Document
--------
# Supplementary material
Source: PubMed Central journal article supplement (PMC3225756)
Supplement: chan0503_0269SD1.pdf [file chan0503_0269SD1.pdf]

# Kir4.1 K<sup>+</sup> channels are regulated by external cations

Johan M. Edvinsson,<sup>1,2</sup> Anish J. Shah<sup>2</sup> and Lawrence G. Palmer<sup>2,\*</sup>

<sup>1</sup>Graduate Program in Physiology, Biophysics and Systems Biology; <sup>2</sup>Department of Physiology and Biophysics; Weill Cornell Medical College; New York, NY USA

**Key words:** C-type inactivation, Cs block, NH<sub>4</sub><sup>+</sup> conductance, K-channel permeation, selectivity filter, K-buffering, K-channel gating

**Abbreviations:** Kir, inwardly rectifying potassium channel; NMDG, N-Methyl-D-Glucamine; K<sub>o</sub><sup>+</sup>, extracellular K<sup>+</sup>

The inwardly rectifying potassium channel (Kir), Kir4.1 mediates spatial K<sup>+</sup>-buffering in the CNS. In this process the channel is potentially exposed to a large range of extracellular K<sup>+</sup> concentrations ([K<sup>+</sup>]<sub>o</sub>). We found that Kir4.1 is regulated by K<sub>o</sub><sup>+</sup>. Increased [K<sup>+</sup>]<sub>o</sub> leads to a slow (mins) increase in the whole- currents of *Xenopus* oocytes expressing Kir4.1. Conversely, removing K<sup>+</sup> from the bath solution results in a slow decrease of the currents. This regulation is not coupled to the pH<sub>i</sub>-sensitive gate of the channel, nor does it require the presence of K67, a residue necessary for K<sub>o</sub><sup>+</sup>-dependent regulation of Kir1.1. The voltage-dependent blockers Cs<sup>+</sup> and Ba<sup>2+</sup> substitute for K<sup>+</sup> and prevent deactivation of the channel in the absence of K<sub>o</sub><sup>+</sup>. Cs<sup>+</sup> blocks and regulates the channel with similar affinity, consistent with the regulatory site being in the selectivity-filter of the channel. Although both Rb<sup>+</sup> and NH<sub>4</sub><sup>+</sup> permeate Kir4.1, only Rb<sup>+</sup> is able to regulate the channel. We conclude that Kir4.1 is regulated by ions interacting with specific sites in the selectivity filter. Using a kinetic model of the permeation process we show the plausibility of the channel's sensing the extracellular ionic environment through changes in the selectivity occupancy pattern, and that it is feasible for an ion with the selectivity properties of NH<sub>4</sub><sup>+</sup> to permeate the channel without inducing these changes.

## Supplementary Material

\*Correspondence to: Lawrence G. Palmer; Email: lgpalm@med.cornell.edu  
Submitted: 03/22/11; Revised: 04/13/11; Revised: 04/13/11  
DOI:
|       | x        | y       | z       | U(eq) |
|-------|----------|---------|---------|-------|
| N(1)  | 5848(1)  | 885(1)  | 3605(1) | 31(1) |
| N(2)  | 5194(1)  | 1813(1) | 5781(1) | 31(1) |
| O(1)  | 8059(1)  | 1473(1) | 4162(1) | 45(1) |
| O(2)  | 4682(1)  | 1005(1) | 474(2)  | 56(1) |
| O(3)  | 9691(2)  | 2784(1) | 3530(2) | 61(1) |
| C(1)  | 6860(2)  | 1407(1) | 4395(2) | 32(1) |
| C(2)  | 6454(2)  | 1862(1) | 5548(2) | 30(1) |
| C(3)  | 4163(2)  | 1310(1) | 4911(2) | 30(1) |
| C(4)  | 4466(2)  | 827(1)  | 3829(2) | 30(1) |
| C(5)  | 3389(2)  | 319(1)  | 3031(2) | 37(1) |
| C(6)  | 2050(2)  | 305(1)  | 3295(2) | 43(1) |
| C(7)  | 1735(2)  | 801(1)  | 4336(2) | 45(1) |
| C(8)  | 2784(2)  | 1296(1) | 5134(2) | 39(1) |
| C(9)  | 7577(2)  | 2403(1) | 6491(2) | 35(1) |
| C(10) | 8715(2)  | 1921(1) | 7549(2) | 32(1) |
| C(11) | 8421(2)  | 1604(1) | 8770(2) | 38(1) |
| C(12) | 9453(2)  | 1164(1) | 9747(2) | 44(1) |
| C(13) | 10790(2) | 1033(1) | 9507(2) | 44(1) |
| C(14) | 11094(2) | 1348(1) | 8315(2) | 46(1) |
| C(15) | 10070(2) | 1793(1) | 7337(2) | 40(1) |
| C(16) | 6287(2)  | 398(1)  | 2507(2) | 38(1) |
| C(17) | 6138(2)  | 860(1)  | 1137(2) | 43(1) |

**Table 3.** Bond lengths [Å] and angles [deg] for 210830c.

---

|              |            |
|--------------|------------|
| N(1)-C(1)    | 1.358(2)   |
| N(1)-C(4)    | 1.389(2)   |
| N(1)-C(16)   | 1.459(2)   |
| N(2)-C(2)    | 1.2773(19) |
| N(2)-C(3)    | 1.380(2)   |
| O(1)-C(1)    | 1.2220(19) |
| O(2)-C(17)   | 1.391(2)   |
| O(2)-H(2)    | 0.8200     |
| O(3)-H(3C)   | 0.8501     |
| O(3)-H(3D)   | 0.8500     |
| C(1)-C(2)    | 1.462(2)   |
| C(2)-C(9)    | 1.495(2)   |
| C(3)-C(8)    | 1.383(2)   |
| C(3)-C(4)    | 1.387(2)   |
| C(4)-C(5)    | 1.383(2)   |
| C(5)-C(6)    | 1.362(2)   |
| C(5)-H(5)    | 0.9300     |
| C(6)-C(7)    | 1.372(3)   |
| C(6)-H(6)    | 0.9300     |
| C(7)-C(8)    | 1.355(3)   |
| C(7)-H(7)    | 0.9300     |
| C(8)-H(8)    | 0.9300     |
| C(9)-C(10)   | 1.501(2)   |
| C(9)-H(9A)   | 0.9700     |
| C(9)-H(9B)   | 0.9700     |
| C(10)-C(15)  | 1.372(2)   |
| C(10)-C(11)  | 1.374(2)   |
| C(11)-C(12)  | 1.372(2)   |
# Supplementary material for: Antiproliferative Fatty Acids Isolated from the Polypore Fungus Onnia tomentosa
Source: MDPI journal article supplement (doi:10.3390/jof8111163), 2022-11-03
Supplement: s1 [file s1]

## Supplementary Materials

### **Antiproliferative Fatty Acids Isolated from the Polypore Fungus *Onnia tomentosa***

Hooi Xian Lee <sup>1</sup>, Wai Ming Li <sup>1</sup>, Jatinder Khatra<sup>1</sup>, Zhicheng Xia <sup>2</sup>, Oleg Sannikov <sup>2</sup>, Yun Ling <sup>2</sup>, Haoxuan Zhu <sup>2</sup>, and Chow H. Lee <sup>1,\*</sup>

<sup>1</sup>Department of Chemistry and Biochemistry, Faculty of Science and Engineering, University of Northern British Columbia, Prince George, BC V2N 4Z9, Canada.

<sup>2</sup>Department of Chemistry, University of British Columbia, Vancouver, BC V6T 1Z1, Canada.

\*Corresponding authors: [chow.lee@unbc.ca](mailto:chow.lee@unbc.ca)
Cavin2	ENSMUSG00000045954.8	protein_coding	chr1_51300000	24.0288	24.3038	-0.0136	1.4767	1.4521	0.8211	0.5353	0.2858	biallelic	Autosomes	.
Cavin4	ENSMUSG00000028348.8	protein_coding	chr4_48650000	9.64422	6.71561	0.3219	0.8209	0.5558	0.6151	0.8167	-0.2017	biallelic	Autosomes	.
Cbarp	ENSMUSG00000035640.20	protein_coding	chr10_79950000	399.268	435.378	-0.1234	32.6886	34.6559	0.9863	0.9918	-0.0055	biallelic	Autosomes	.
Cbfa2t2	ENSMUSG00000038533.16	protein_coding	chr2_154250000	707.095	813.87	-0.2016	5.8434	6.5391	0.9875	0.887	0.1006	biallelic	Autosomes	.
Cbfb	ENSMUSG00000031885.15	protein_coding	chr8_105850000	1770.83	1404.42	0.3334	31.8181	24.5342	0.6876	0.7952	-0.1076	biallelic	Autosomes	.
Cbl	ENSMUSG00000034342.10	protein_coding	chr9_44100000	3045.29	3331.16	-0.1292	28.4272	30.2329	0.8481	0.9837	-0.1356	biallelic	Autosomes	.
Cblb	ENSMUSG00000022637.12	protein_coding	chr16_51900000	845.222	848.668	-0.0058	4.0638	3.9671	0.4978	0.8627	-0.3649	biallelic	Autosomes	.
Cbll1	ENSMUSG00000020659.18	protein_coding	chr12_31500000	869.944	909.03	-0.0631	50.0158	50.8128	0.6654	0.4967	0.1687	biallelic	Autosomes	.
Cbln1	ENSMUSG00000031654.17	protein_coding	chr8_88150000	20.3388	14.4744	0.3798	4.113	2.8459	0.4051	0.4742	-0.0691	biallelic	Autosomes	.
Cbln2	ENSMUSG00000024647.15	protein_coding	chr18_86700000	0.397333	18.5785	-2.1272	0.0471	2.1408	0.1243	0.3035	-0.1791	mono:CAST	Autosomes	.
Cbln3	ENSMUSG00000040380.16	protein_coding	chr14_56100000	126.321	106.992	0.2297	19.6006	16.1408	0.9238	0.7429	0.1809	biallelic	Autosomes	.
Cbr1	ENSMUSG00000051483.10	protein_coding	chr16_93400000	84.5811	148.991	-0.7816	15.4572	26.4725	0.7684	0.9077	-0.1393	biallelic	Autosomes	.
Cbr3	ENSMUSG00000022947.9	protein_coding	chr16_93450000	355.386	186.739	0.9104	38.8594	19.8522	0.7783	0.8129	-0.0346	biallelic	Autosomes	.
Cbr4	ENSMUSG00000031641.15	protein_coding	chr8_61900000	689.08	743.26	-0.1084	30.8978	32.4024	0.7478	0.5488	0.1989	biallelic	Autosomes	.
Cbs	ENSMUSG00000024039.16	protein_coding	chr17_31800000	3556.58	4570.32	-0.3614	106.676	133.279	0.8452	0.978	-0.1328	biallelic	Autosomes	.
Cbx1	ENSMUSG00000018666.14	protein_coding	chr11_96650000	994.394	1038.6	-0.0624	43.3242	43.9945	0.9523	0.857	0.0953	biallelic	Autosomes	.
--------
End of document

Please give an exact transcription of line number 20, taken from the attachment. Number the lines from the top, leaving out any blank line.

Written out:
| O(3)  | 9691(2)  | 2784(1) | 3530(2) | 61(1) |